My ADHD is mild, I went to college, got kicked out, worked for a few years in menial jobs, struggled, went back to college, made bad decisions, married, changed majors 4 times, got divorced, joined the military, took a semester off, remarried, took a semester off, graduated in 6 yrs, worked and struggled my way up through various jobs, spent 12 honorable years in the service and have since become successful by most American standards. I found a job that I fit into. I am still unorganized and have no sense of life direction.
    My success is because I was lucky to find people along the way to help me when I needed it and who tolerated my idiosyncrasies. Free psych counselors in college helped at times. Supportive instructors took me under their wing because I craved knowledge and I let them. I had a supportive family who didn’t always agree with my decisions, but let me make them, celebrating in my successes and were there to help when things didn’t work out so well. Luckiest of all I married a person who is more stable, financially practical and forgiving than I am. If not for her I would be living in van down by the river, but probably be OK with that.
    Many kids are scared heading out into the world. Some show it more than others. Some will figure out a way to make it work. Some will need more help and take a bit longer to figure it out. I still haven’t. I just do what I do because it works. I still seek therapy when I need it.
    Kids spend alot of time trying to figure out how they are supposed to live and act based on watching what they perceive as the successes of others, they need to figure out what works for them and make the best of it. As they get into their early 20s they will remember then things you taught them and the light will start to come on. The right meds, quality counseling and family support will all help make that happen.
    Life is not easy in the best of times, sometimes you just have to chase the squirrels and see what happens.
    All the best.

    in reply to: Benefits to being clinically diagnosed? #75183

    Themodemo – I understand much of what you say. I have lived with ADHD, undiagnosed, most of my life. I was in and out of therapy in HS and college and developed a deep distrust for Psychiatrists and meds that affect the brain due to a fact that often doctors prescribe them like throwing spaghetti against a wall waiting to see what sticks. I did not want to risk loosing “who I am” while doctors played a guessing game with meds. I had found ways to cope (pause for a 10 min., helper cat cuddle break – resume now) through out my life, but I was often at odds with the world around me. I made poor life choices, got angry when the world did not spin the way I thought it “should” and in almost every performance review I got knocked for poor interpersonal skills. I managed to get through HS, graduate from college and spend 12 years in the Army Nat. Guard Infantry, but it was all much more difficult for me than for many. I entered into a bad marriage that lasted 3 yrs, but only half that was living together. She is not a bad person, we were a bad match. So in a nutshell I can relate to what you are saying.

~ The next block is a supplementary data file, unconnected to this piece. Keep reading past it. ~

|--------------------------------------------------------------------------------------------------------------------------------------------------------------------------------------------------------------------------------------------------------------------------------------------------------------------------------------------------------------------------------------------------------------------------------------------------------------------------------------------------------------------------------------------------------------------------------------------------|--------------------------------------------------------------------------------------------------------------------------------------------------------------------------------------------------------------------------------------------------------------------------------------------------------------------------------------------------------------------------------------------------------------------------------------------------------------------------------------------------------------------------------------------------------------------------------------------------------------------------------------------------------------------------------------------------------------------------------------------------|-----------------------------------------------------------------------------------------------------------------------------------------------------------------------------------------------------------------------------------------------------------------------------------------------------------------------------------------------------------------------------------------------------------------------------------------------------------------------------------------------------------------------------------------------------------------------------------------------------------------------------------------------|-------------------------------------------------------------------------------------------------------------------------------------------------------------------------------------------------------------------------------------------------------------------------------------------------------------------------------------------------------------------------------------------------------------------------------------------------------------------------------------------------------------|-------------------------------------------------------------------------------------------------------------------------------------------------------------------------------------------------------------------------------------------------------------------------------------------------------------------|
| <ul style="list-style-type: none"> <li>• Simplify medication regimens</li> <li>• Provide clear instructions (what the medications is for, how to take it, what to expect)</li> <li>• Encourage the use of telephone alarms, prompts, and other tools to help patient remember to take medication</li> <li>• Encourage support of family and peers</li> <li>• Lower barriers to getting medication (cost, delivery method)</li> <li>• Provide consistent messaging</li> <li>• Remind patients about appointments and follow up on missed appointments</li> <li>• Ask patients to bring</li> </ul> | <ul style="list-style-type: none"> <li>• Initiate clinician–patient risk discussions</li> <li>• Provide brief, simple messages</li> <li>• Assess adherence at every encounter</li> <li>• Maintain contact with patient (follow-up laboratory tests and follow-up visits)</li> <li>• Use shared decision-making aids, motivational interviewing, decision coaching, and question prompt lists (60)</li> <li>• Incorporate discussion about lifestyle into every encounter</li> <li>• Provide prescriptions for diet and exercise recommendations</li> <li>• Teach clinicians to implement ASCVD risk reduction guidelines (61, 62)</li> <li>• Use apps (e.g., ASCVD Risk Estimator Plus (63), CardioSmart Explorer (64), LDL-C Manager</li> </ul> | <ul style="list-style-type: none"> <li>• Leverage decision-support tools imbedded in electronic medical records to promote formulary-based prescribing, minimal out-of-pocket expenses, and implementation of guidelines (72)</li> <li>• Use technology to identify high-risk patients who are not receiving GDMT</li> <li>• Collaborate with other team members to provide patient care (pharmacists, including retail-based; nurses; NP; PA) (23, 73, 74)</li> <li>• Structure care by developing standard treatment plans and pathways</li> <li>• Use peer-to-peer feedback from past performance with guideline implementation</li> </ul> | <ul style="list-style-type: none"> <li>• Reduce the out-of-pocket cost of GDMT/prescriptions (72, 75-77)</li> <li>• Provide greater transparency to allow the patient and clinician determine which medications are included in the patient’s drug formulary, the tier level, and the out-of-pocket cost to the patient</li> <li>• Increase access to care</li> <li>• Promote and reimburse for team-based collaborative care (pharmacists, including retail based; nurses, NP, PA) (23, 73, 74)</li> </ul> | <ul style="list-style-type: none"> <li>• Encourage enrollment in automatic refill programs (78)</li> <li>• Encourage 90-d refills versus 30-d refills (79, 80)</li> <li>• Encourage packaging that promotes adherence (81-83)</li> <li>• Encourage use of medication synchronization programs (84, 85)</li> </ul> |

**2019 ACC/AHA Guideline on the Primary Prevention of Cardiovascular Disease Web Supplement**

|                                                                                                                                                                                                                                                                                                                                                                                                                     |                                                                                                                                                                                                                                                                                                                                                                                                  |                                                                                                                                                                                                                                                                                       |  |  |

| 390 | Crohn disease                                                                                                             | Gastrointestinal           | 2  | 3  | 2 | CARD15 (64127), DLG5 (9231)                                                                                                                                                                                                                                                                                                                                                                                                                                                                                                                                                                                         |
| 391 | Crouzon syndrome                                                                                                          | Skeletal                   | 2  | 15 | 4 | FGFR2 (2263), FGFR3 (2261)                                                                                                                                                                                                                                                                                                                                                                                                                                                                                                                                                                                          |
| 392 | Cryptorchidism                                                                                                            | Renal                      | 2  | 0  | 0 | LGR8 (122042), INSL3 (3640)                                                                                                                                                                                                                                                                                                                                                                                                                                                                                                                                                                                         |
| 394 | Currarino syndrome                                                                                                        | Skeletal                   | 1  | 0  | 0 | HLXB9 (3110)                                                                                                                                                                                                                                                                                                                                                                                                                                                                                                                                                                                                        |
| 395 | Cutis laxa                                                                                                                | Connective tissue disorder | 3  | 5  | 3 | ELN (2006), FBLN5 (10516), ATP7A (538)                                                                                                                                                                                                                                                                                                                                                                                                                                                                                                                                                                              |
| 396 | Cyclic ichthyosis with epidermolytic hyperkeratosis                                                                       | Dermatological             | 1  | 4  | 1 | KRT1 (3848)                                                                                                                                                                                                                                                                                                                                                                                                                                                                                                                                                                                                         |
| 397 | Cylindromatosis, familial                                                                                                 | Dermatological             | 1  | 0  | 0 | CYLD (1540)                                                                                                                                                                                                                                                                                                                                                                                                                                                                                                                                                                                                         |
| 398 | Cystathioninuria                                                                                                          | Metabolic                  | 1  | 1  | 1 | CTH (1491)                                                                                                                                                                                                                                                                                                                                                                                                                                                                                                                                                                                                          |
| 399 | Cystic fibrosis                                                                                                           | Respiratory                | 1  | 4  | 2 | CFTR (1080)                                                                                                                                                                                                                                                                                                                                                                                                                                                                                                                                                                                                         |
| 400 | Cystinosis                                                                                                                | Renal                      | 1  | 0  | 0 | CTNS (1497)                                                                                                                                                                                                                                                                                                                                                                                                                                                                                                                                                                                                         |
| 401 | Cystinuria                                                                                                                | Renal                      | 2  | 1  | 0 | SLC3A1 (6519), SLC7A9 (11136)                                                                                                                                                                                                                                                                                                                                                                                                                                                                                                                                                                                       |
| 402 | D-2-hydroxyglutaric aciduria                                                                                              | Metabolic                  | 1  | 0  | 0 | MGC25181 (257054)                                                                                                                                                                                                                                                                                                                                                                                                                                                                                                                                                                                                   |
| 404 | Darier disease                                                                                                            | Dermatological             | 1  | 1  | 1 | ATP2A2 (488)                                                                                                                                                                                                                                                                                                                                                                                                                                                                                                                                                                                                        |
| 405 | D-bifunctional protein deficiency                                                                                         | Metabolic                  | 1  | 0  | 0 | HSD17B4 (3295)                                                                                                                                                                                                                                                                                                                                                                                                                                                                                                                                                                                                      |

I was not diagnosed until my mid 40’s and only because I got a co-worker with ADHD worse than mine and we got to talking. Up to that point I thought ADHD was an over-diagnosed and over-medicated excuse for kids just being kids and parents not wanting to be parents. I still think there is some of that, but I digress. Once I was diagnosed with a mild form of ADHD, medicated and started Cognitive Behavioral Therapy (CBT) it all started to make a whole lot more sense. The meds gave me that split second to decide to do/say something before my impulsivity kicked in. My attitude changed at work and I was able to interact on a more professional level. This did not come without some costs. My ambition (high energy drive) is nearly gone and I have much less ambition. I do not have the drive to workout and stay in shape. In the year prior to meds I trained and completed a 1/2 marathon and a Tough Mudder. Now I am 50 lbs. heavier and my back hurts. Some of that may be due to age as well. YMMV. There are side effects from these meds so I would have to disagree with newenglandrose on that score. They can heighten anxiety alter your sleep, eating and sex habits.
    I would recommend getting the diagnosis, finding a med that works for you and working with a therapist. ADHD has some symptomology of other cognitive disorders and can amplify anxiety. Getting a professional diagnosis can help determine the unique cocktail of cognitive disorder(s) you may have. Yes the meds are scary, but, for me, it was like a moment of clarity when they kicked it. So may things made sense and I was able to get better control of my life. My performance reviews have improved and I no longer go into my crazy, high stress “beast mode” when the poo its the fan at work. I don’t feel like I have to be everything for everyone when I am covering for my boss. I can dial it back and just do what I can do.
    I am not cured, but I have found tools to help me live a better life. I still struggle, but knowing my situation helps me put it into perspective, when I have calmed down. I have been in and out of CBT sessions as my situation evolves and have tried group therapy. Sometimes sitting in a room full of strangers who can relate to your experiences and share mutual struggles is somewhat cathartic. I have gained useful insights and tools from fellow ADHD people. If nothing else I do not feel I am walking alone.
    In short, get the diagnosis and then decide what to do about meds and the like. Start simple and get therapy so you have a safe place to talk about where you are, how you feel and what you want. If nothing else, you will be able to relate to your son and help him as he works through his ADHD plan for a better life.
    All the best and good luck.